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If I have code which uses a static variable for caching purposes like this:

class BossParty
{
    // ...

    public function getTemplate()
    {
        static $template;

        if ($template == null)
        {
            $template = BossTemplate::get($this->templateID);
        }

        return $template;
    }

    // ...
}

Will $template persist across different instances of BossParty? I've tried checking php.net, but all I can find is info about static class variables.

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Consider using a class variable instead: private static $template; in the class body. – NikiC May 16 '11 at 10:24
1  
(suggested) Statics considered harmful and Global State and Singletons – Gordon May 16 '11 at 10:36
up vote 6 down vote accepted

Yes, the static variable will persist across instances of the class.

Example:

<?php

class Test {
    public function __construct() {
        static $foo;

        if ($foo) {
            echo 'found';
        } else {
            $foo = 'foobar';
        }
    }
}

$test1 = new Test();
$test2 = new Test();
// output "found"

Note that this is true for descendant classes too. If we had a class Child that extended Test, calling parent::__construct (whether explicitly or implicitly) will use the same value of $foo.

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@lonesomeday, that seems to be mostly correct. However, in particular related to your followup comment regarding inheritance, the behavior of static variable scope inside functions seems to be more complex. I'm using PHP 5.3.16 for all my examples.

The summary: the behavior of the static keyword when used to scope a variable within an instance function seems to vary based both on inheritance and where in the function call stack you are.

Here are a few examples.

First, this is similar to your initial example: instantiate a static variable within the __construct() method of a class, create two instances of that class, and see how that variable behaves.

<?php
// Example 1
class A {
  public function __construct() {
    static $i = 0;
    $i++;
    $this->i = $i;
  }
}
$o1 = new A();
$o2 = new A();
printf("\$o1->i: %d\n", $o1->i); // outputs "$o1->i: 1"
printf("\$o2->i: %d\n", $o2->i); // outputs "$o2->i: 2"
?>

So far, no surprises. The variable is instantiated once (to 0) and then incremented with each separate instance.

If you extend class A as B, and instantiate one of each (leaving everything else the same), you get the same behavior:

<?php
// Example 2
class A {
  public function __construct() {
    static $i = 0;
    $i++;
    $this->i = $i;
  }
}
class B extends A {}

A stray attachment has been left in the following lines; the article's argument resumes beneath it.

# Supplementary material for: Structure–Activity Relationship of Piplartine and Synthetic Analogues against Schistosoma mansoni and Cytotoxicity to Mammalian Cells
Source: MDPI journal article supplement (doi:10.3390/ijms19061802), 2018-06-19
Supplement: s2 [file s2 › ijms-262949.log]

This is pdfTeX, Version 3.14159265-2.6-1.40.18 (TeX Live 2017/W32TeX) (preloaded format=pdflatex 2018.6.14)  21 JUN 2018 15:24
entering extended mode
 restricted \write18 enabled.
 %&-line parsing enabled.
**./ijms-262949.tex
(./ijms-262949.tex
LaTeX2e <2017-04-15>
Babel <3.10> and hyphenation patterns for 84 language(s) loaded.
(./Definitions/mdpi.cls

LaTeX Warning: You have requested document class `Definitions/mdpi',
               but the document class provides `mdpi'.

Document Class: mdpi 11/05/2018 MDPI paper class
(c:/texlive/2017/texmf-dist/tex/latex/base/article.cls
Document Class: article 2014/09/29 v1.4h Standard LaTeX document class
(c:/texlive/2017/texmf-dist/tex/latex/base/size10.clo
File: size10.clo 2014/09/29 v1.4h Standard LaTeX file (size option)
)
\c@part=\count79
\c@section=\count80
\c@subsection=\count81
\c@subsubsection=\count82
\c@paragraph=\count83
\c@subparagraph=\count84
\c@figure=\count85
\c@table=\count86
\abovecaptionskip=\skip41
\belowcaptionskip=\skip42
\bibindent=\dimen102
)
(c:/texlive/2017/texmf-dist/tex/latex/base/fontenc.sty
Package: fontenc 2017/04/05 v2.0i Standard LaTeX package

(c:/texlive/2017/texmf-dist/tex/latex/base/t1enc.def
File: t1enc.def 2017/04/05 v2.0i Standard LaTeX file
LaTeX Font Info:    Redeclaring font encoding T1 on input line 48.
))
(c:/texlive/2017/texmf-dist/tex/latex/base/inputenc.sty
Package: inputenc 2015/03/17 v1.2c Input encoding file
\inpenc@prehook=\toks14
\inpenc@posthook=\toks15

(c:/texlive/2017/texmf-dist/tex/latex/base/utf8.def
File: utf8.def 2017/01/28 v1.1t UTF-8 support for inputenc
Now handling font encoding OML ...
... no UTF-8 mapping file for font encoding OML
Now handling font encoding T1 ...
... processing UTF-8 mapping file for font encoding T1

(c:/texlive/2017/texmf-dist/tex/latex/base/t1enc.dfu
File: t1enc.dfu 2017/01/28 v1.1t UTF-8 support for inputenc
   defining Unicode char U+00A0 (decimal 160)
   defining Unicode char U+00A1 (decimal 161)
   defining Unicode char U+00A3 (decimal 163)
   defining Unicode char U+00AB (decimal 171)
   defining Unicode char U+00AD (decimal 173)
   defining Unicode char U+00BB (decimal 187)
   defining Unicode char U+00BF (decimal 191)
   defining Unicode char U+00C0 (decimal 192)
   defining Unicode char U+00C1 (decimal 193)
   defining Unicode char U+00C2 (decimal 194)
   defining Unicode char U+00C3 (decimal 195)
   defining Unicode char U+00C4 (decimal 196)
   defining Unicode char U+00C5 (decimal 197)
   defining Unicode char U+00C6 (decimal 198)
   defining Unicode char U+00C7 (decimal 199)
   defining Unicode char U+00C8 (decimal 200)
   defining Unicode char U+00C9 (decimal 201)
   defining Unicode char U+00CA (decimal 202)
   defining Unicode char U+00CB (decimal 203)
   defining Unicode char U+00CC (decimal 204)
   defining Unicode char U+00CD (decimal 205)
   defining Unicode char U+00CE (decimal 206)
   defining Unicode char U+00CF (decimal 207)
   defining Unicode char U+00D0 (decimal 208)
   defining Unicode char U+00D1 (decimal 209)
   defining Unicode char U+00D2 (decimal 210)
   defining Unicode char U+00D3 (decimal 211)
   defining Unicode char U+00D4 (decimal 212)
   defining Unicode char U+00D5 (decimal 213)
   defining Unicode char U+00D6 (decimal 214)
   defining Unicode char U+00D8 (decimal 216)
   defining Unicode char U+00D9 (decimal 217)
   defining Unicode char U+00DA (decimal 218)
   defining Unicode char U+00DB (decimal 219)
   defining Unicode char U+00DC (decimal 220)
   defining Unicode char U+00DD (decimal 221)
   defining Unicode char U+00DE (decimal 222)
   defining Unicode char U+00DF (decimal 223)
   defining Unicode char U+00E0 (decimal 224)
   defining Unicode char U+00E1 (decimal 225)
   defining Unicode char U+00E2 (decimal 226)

$o1 = new A();
$o2 = new B();
printf("\$o1->i: %d\n", $o1->i); // outputs "$o1->i: 1"
printf("\$o2->i: %d\n", $o2->i); // outputs "$o2->i: 2"
?>

Once again, no surprises. Let's go back to the first example and tweak it a bit. First we move the static variable instantiation/increment call to a member method. Note that I've removed class B for this one:

<?php
// Example 3
class A {
  public function __construct() {
    $this->setI();
  }

  public function setI() {
    static $i = 0;
    $i++;
    $this->i = $i;
  }
}
$o1 = new A();
$o2 = new A();
printf("\$o1->i: %d\n", $o1->i); // outputs "$o1->i: 1"
printf("\$o2->i: %d\n", $o2->i); // outputs "$o2->i: 2"
?>

Still the same output.

However, when you extend A as B, and leave the same structure in place:

<?php
// Example 4
class A {
  public function __construct() {
    $this->setI();
  }

  public function setI() {
    static $i = 0;
    $i++;
    $this->i = $i;
  }
}
class B extends A {}
$o1 = new A();
$o2 = new B();
printf("\$o1->i: %d\n", $o1->i); // outputs "$o1->i: 1"
printf("\$o2->i: %d\n", $o2->i); // outputs "$o2->i: 1"
?>

Note the output: in all other cases, $o2->i became 2, except for this one.

So it seems that if we extend A and move the static instantiation to an instance method, we now seem to have introduced a new scope for the $i variable, whereas in all other cases the instances have shared a scope for that static variable.

Even more confusing, consider this example; it's identical to the previous one, but in this case, class B gets its own implementation of setI(), which simply yields to its parent class's implementation:

<?php
// Example 5
class A {
  public function __construct() {
    $this->setI();
  }
  public function setI() {
    static $i = 0;
    $i++;
    $this->i = $i;
  }
}
class B extends A {
  public function setI() {
    parent::setI();
  }
}
$o1 = new A();
$o2 = new B();
printf("\$o1->i: %d\n", $o1->i); // outputs "$o1->i: 1"
printf("\$o2->i: %d\n", $o2->i); // outputs "$o2->i: 2"
?>

As you can see, $o2->i is now back to being set to 2, which is what we got nearly everywhere (except Example #4)

This, to me, seems very counterintuitive. I would expect that either different instances get their own scopes for that variable, or all instances (including instances of extended classes) share the same scope.

I can't tell if this is a bug in PHP, or if it's expected behavior. The PHP docs on static variable scope say:

A static variable exists only in a local function scope, but it does not lose its value when program execution leaves this scope.

They don't go into detail as to how 'function scope' is defined in the context of object instances, so I'm not sure if the edge case in Example #4 is expected or not.

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That's exactly what I went through. Thanks for the explanation I though I was doing something wrong. – Savas Vedova Mar 12 '14 at 22:00

Yes it will, it's also documented in the docs, but it's under the section Variables Scope instead of the Static Keyword, which might be the reason you didn't find it.

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